Webster's Dictionary, 1913

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Incicurable adjective [ Latin incicur not tame; prefix in- not + cicur name.] Untamable. [ R.]

Incide transitive verb [ Latin incidere ; prefix in- in + caedere to cut. See Concise , and confer Incise .] To cut; to separate and remove; to resolve or break up, as by medicines. [ Obsolete] Arbuthnot.

Incidence noun [ Confer French incidence .]

1. A falling on or upon; an incident; an event. [ Obsolete] Bp. Hall.

2. (Physics) The direction in which a body, or a ray of light or heat, falls on any surface.

In equal incidences there is a considerable inequality of refractions.
Sir I. Newton.

Angle of incidence , the angle which a ray of light, or the line of incidence of a body, falling on any surface, makes with a perpendicular to that surface; also formerly, the complement of this angle. -- Line of incidence , the line in the direction of which a surface is struck by a body, ray of light, and the like.

Incidency noun Incidence. [ Obsolete] Shak.

Incident adjective [ Latin incidens , -entis , present participle & of incidere to fall into or upon; prefix in- in, on + cadere to fall: confer French incident . See Cadence .]

1. Falling or striking upon, as a ray of light upon a reflecting surface.

2. Coming or happening accidentally; not in the usual course of things; not in connection with the main design; not according to expectation; casual; fortuitous.

As the ordinary course of common affairs is disposed of by general laws, so likewise men's rarer incident necessities and utilities should be with special equity considered.

3. Liable to happen; apt to occur; befalling; hence, naturally happening or appertaining.

All chances incident to man's frail life.

The studies incident to his profession.

4. (Law) Dependent upon, or appertaining to, another thing, called the principal .

Incident proposition (Logic) , a proposition subordinate to another, and introduced by who , which , whose , whom , etc.; as, Julius, whose surname was Cæsar , overcame Pompey. I. Watts.

Incident noun [ Confer French incident .]
1. That which falls out or takes place; an event; casualty; occurrence.

2. That which happens aside from the main design; an accidental or subordinate action or event.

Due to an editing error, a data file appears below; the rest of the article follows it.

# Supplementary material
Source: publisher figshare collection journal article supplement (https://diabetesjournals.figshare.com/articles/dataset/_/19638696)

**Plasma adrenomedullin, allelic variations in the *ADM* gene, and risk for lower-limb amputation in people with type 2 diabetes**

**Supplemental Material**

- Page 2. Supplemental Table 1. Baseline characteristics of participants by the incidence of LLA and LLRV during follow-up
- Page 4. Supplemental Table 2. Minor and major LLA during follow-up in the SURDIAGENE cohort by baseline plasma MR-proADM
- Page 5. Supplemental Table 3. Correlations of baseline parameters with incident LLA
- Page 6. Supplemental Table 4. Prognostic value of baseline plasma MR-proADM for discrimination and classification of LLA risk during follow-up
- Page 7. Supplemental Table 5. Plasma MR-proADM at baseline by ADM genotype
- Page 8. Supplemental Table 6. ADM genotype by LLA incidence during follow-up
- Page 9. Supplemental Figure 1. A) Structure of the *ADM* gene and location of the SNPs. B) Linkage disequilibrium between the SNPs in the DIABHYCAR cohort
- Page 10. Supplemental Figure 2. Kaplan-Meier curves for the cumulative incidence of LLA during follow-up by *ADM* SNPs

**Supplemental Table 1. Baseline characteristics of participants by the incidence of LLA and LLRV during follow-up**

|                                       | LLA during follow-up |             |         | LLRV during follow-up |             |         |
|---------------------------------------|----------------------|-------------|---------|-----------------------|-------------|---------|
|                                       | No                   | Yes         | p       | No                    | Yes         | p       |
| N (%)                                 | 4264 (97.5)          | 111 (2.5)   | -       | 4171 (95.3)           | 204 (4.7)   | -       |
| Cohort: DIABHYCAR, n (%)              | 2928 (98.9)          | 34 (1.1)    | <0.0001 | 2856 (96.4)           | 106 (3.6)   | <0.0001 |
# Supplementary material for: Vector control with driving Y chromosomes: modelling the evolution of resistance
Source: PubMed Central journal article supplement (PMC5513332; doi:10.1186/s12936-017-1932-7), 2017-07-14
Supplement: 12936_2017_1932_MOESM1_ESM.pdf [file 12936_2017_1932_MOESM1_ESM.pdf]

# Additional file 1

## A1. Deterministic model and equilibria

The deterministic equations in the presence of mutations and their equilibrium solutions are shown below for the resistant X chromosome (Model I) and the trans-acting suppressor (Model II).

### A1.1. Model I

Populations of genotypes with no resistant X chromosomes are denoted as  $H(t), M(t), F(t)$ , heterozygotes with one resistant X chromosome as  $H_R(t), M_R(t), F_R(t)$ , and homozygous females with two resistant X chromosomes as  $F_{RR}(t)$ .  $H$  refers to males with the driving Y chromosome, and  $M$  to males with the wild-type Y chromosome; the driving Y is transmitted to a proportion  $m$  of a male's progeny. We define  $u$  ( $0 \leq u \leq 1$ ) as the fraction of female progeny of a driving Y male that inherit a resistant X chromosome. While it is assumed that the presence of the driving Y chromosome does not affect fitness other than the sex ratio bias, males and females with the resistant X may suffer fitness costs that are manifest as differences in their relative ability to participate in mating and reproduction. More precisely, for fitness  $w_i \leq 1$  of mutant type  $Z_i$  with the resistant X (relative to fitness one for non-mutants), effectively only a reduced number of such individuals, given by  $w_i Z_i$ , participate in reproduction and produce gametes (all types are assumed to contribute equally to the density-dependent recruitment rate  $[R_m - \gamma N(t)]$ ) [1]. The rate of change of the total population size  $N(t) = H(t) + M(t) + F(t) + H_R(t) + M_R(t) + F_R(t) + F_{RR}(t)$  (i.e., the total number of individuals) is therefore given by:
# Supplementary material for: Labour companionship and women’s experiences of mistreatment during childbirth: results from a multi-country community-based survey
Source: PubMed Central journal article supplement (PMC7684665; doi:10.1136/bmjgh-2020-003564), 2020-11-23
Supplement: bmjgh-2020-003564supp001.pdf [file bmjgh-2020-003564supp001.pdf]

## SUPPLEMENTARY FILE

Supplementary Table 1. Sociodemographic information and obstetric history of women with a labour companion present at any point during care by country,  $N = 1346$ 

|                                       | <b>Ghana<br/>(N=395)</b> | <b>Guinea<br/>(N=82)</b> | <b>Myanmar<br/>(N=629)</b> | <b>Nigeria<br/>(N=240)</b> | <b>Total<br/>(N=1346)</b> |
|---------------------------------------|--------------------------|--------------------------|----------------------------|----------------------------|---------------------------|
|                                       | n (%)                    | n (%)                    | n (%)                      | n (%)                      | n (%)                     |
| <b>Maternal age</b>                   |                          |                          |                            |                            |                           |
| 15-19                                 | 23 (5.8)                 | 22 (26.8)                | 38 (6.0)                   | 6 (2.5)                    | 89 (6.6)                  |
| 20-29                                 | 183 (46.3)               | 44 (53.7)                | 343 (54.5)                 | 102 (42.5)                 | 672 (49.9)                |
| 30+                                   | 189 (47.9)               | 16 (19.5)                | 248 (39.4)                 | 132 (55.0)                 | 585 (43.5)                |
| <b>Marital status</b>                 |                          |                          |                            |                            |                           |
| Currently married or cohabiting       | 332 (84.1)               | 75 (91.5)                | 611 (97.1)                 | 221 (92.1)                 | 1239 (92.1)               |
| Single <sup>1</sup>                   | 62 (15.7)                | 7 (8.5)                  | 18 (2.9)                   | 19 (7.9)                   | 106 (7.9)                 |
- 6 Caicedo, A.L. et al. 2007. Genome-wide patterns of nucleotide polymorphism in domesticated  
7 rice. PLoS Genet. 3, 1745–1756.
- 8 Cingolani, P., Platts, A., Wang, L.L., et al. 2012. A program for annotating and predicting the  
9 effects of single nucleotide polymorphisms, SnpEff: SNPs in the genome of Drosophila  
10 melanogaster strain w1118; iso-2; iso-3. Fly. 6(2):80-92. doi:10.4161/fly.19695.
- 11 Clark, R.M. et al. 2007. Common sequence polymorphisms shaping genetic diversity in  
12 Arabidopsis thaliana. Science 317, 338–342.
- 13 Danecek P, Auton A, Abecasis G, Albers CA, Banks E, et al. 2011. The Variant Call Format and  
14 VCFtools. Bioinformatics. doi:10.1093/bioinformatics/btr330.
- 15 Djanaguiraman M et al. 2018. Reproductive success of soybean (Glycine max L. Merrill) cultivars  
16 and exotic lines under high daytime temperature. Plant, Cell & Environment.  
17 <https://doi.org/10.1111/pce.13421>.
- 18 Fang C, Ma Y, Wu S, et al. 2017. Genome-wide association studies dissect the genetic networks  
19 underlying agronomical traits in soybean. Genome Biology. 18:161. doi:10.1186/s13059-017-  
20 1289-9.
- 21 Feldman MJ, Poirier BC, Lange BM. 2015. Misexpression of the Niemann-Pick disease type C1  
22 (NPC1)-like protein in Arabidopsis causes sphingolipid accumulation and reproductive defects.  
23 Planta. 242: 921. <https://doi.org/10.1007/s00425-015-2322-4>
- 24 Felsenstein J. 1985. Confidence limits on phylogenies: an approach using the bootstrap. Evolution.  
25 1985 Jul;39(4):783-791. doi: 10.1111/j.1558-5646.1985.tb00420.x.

No person, no incident , in a play but must be of use to carry on the main design.

3. (Law) Something appertaining to, passing with, or depending on, another, called the principal . Tomlins.

Syn. -- Circumstance; event; fact; adventure; contingency; chance; accident; casualty. See Event .

Incidental adjective Happening, as an occasional event, without regularity; coming without design; casual; accidental; hence, not of prime concern; subordinate; collateral; as, an incidental conversation; an incidental occurrence; incidental expenses.

By some, religious duties . . . appear to be regarded . . . as an incidental business.

Syn. -- Accidental; casual; fortuitous; contingent; chance; collateral. See Accidental .

-- In`ci*den"tal*ly , adverb -- In`ci*den"tal*ness , noun

I treat either or incidentally of colors.

Incidental noun An incident; that which is incidental; esp., in the plural, an aggregate of subordinate or incidental items not particularized; as, the expense of tuition and incidentals . Pope.

Incidently adverb Incidentally. [ Obsolete]

Incinerable adjective Capable of being incinerated or reduced to ashes. Sir T. Browne.

Incinerate [ Late Latin incineratus , past participle of incinerare to incinerate; Latin prefix in- in + cinis , cineris , ashes.] Reduced to ashes by burning; thoroughly consumed. [ Obsolete] Bacon.

Incinerate transitive verb [ imperfect & past participle Incinerated ; present participle & verbal noun Incinerating .] To burn to ashes; to consume; to burn. Bacon.

It is the fire only that incinerates bodies.

Incineration noun [ Late Latin incineratio : confer French incinération .] The act of incinerating, or the state of being incinerated; cremation.

The phenix kind,
Of whose incineration ,
There riseth a new creation.

Incipience, Incipiency noun [ Latin incipientia .] Beginning; commencement; incipient state.

Incipient adjective [ Latin incipiens , present participle of incipere to begin. See Inception .] Beginning to be, or to show itself; commencing; initial; as, the incipient stage of a fever; incipient light of day. -- In*cip"i*ent*ly , adverb

Incircle transitive verb See Encircle .

Incirclet noun [ Confer Encirclet .] A small circle. [ Obsolete] Sir P. Sidney.

Incircumscriptible adjective [ Prefix in- not + circumscriptible : confer Late Latin incircumscriptibilis .] Incapable of being circumscribed or limited. Cranmer.

Incircumscription noun Condition or quality of being incircumscriptible or limitless. Jer. Taylor.

Incircumspect adjective [ Prefix in- not + circumspect .] Not circumspect; heedless; careless; reckless; impolitic. Tyndale.

Incircumspection noun [ Confer French incirconspection .] Want of circumspection. Sir T. Browne.